Another factor that may influence the amount of cash equivalents held by an enterprise is its ability to collect its debts within a reasonable time. If the enterprise has problems collecting its debts, and has a high occurrence of bad debts, it may not be easy for the enterprise to convert its debtors into cash in a short enough time period to ensure that it can meet its short term liabilities. In this case, in addition to tightening up its credit control and debt collection procedures the enterprise should also consider holding relatively high levels of cash equivalents.

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    Accounting Purposes

    Cash equivalents are included for accounting purposes under current assets on the balance sheet. Some enterprises prefer to categorize them together with cash in a heading called "cash and cash equivalents." This may help to emphasize the liquid nature of these assets and to show potential investors and other users of the enterprise's financial statements that the cash equivalents are to be taken into account in measuring the liquidity of the enterprise.

    The current assets of a company will frequently be classified according to their liquidity, and cash equivalents are clearly more liquid than any of the other current assets except cash. Other types of current assets such as debtors may not be easily turned into cash, as it may be difficult to collect all the debts within a limited time period and some will remain outstanding as bad debts. If the debts are sold to a factoring company, this will involve a significant discount. The inventory of the enterprise, depending on the type of industry, is likely to be even more difficult to turn into cash. Even if the business is making large amounts of cash sales it will still require some time to turn over the inventory.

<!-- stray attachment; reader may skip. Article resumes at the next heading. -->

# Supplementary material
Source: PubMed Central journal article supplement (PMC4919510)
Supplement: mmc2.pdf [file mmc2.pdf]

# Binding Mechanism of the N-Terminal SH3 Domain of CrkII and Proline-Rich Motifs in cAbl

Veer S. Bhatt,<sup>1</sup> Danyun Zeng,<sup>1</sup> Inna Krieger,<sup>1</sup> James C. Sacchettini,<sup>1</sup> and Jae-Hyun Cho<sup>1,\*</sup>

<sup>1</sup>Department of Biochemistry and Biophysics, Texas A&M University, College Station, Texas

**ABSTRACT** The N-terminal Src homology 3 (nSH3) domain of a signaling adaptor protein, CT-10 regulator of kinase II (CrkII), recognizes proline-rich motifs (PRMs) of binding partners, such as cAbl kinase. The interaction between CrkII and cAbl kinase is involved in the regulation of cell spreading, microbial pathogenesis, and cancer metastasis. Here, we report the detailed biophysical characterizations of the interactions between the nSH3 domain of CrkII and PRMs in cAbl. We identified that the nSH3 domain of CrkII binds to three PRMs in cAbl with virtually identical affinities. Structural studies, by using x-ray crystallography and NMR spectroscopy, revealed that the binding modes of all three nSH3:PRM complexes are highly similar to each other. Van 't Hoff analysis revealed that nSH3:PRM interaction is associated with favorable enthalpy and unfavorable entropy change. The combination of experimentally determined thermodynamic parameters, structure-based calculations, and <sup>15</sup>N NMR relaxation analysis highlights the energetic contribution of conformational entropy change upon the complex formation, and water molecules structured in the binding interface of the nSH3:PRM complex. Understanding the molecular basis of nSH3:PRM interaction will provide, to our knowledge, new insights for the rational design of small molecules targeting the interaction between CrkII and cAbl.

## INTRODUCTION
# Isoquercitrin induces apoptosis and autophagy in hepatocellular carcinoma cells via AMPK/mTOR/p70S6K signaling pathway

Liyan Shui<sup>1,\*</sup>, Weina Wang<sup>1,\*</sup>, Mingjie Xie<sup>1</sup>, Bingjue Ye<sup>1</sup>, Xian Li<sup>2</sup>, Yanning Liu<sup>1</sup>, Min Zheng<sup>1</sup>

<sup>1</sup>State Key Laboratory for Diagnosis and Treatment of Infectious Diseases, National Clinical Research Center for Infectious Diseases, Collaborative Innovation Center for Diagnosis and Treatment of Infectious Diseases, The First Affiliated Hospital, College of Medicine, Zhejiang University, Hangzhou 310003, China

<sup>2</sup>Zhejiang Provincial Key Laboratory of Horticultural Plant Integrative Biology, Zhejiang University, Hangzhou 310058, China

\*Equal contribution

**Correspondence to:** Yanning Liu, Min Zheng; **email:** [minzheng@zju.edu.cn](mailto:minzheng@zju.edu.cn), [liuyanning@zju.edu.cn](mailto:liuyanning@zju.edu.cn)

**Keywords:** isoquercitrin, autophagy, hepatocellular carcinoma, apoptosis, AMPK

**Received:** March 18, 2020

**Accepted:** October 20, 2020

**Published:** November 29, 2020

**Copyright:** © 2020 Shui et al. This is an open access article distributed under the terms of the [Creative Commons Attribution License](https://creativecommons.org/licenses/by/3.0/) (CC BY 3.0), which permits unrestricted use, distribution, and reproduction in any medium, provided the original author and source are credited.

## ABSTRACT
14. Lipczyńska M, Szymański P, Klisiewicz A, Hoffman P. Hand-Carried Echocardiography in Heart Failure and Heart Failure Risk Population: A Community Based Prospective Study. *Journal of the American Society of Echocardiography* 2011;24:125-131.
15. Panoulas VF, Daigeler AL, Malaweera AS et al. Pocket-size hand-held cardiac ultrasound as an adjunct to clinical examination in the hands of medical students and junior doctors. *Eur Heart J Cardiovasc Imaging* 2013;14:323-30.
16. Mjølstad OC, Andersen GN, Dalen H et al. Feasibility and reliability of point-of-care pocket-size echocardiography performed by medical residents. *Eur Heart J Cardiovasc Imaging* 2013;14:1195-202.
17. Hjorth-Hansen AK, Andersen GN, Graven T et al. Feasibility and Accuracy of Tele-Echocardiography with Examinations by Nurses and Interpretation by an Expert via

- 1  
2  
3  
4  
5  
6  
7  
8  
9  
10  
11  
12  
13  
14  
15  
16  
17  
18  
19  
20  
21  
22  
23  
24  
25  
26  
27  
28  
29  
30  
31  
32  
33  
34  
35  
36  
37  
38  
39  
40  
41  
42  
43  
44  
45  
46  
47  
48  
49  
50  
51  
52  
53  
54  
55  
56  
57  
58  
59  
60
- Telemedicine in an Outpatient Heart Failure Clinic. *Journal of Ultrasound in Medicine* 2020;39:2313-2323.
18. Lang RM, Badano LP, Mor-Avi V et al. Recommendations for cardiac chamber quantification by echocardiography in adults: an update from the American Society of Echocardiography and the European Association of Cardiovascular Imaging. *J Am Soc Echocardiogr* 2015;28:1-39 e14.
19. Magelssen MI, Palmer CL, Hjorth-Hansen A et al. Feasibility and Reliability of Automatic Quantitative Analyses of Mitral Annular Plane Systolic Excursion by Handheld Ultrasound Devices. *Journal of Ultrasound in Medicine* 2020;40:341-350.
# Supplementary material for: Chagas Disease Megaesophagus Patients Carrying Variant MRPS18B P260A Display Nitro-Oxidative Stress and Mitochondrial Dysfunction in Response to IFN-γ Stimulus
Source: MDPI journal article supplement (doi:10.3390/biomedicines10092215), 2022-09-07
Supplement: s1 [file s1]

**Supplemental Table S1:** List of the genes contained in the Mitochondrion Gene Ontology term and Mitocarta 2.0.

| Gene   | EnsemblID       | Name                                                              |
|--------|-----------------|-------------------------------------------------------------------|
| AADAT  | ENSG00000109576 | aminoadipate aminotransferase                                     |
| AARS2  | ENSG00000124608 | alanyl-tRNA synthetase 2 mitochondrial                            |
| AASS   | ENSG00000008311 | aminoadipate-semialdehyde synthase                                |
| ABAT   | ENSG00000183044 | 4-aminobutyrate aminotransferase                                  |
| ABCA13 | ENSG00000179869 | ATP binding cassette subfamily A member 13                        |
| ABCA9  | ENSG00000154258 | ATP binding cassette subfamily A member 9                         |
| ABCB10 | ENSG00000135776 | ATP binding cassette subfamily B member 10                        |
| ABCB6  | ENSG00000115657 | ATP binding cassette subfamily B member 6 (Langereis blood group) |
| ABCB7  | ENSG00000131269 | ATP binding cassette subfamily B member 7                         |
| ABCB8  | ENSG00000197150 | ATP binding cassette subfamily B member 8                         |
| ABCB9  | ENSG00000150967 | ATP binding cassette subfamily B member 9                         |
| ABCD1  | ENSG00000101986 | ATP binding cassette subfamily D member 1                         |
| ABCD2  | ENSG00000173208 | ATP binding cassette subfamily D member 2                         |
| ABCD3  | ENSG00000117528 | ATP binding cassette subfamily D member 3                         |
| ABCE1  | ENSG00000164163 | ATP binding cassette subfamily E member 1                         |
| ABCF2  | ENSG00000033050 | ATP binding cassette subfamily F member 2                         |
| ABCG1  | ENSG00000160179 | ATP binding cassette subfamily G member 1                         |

The need for cash equivalents is, therefore, clear even if the enterprise holds significant current assets in the form of debtors and stock, and the presentation of the cash equivalents in the financial statements should be clear enough to show the users of the accounts that these are assets with a high liquidity.

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    "Chapter 6: Cash and highly liquid investments" in Principles of Accounting - retrieved at

    "Cash equivalents" on Your Money Counts (HSBC) - retrieved at